- Poster presentation
- Open Access
Update on policy change proposal to end Institutional Biosafety Committee (IBC) review of rDNA vaccine clinical trials
© Enama et al; licensee BioMed Central Ltd. 2012
- Published: 13 September 2012
- Regulatory Oversight
- Vaccine Regimen
- Clinical Research Project
- Veterinary Vaccine
- Vaccine Efficacy Trial
The HIV vaccine regimen showing partial efficacy in the RV 144 study included a canarypox-vectored vaccine (ALVAC). The ongoing HIV vaccine efficacy trial, HVTN 505, involves two gene-based vaccines developed by VRC/NIAID/NIH: plasmid DNA and adenoviral-vectored vaccines. The “NIH Guidelines for Research Involving Recombinant DNA Molecules,” established in 1976, have evolved over time. Current NIH policy is that every clinical trial of rDNA vaccines must have IBC reviews. The primary role of the IBC is to assess risk to public health and the environment.
The NIAID Barriers to Clinical Research project identified repetitive IBC review of gene-based vaccines as a barrier. For example, in the last 10 years >100 local IBC reviews have been conducted for the VRC HIV vaccines. IBC reviews for ALVAC vaccines remain a requirement for NIH funding despite completion of a Phase III clinical trial, >20 years of human experience with ALVAC vaccines and widespread community-based use of USDA-approved canarypox-vectored veterinary vaccines, which have not indicated a risk to public health or the environment.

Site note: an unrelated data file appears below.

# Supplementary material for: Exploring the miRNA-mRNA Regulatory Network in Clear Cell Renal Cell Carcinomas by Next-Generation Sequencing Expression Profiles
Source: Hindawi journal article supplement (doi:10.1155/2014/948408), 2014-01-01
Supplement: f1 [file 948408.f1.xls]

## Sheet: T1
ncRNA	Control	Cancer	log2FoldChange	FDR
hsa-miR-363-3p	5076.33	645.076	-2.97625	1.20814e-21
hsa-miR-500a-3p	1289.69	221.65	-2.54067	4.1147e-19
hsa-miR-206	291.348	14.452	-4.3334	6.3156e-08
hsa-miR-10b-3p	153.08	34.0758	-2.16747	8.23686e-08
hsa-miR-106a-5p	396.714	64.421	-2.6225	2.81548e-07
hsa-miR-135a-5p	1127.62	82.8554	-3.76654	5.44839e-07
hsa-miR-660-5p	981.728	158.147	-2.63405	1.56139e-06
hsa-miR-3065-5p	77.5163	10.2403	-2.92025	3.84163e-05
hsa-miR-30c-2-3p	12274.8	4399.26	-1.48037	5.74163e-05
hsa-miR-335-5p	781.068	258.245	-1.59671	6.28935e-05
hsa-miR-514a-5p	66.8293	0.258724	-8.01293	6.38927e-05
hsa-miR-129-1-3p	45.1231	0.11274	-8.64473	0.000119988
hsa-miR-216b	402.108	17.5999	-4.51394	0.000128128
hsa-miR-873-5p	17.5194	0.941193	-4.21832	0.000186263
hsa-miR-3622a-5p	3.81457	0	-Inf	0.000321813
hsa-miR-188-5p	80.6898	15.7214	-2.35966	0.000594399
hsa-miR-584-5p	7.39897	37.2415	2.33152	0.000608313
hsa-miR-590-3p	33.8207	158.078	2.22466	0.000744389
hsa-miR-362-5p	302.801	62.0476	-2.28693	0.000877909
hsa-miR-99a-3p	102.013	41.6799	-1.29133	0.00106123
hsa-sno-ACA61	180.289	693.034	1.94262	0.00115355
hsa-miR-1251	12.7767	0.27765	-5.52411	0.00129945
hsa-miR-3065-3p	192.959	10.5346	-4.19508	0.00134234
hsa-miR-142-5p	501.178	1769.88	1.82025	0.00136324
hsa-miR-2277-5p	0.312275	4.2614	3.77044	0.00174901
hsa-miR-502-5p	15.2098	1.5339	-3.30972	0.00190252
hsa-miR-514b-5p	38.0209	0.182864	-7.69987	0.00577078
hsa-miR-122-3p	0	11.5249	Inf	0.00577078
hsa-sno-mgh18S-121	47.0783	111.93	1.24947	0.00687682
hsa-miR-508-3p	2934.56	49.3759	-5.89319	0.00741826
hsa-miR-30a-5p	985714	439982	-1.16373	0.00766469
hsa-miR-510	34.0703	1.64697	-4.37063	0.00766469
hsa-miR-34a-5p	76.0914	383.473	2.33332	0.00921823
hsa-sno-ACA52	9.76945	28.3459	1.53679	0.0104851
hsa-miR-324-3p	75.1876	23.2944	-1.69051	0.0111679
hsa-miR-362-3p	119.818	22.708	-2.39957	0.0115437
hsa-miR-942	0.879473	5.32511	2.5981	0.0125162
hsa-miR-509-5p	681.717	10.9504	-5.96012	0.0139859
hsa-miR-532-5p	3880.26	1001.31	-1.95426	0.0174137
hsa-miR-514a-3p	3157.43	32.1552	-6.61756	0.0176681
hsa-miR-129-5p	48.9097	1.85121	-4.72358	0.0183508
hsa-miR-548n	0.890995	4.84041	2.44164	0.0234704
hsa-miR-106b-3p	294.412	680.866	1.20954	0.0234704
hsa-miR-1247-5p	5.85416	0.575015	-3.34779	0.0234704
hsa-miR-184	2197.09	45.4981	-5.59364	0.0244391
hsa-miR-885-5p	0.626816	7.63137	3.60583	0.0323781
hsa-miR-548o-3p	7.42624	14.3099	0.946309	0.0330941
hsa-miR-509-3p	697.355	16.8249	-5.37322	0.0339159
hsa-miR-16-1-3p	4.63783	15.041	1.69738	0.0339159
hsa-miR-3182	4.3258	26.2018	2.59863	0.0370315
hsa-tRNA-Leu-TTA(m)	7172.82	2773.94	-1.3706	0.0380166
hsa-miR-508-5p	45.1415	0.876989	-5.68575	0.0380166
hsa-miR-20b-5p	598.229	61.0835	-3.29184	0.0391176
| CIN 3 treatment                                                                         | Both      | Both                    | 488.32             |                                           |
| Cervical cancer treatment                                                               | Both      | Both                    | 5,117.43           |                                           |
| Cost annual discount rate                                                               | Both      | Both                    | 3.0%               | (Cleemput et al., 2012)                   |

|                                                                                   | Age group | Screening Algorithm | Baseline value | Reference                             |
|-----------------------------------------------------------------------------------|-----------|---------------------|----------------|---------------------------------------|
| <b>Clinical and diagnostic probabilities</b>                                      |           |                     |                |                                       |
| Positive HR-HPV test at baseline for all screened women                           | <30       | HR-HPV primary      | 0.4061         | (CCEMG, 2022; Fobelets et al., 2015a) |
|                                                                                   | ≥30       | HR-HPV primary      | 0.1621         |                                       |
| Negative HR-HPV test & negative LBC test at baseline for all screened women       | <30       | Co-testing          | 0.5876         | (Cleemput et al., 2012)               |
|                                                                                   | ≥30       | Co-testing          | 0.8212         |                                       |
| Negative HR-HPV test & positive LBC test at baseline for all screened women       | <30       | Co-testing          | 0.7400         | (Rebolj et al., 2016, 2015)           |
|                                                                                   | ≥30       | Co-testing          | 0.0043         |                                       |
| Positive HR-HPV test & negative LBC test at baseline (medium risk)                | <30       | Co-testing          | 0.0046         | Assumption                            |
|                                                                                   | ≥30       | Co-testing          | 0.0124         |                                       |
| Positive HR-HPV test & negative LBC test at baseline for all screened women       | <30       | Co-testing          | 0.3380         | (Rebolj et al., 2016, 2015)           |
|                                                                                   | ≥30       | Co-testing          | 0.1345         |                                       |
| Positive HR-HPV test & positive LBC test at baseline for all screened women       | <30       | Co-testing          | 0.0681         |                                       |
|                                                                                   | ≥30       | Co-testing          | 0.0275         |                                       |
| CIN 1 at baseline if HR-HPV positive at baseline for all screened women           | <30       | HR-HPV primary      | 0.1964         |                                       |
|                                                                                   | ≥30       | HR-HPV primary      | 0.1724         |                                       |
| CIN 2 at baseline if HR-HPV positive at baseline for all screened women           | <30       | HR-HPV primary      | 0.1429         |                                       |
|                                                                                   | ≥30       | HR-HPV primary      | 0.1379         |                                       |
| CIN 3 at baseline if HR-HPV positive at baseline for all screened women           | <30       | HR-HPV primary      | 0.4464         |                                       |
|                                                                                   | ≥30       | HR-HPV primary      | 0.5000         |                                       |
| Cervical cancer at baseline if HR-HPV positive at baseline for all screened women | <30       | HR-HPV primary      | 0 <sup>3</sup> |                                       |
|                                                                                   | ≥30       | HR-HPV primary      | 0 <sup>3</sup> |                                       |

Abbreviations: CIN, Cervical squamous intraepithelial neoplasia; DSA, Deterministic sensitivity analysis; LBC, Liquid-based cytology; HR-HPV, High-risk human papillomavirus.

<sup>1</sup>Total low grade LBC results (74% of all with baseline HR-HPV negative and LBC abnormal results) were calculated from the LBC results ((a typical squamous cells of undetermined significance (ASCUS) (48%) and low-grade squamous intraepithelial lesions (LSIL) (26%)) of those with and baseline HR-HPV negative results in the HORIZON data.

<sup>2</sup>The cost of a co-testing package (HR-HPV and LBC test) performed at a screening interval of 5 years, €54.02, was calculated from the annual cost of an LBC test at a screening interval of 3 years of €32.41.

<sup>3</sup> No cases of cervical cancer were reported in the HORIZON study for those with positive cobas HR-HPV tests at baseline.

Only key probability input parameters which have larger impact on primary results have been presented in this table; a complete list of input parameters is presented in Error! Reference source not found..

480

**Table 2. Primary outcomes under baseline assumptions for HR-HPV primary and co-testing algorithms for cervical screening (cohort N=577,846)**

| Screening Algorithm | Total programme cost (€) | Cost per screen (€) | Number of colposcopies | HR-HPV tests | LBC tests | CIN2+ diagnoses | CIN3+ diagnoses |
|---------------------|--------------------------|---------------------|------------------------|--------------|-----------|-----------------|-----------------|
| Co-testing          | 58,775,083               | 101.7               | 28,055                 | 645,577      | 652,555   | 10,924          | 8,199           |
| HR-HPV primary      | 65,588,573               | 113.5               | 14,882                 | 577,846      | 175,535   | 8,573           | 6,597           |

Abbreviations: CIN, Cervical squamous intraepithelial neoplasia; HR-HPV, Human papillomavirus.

The NIAID policy change proposal has been considered by a Recombinant DNA Advisory Committee (RAC) working group. Policy change options were discussed at the September 2011, December 2011 and March 2012 RAC meetings. The RAC proposal will be published in the Federal Register for public comments.
Repetitive IBC reviews of rDNA vaccine clinical trials divert time and attention of IBC expertise from truly novel agents and incur a cost to NIH with no added safety benefit. NIAID proposes that IBC review is no longer needed for clinical trials of non-transmissible rDNA vaccines because there are no unique biosafety concerns for this class of vaccines based on their recombinant DNA nature. The IBC specific roles are not applicable for rDNA vaccine protocols and are fulfilled through other regulatory oversight including the FDA.
This article is published under license to BioMed Central Ltd. This is an Open Access article distributed under the terms of the Creative Commons Attribution License (http://creativecommons.org/licenses/by/2.0), which permits unrestricted use, distribution, and reproduction in any medium, provided the original work is properly cited.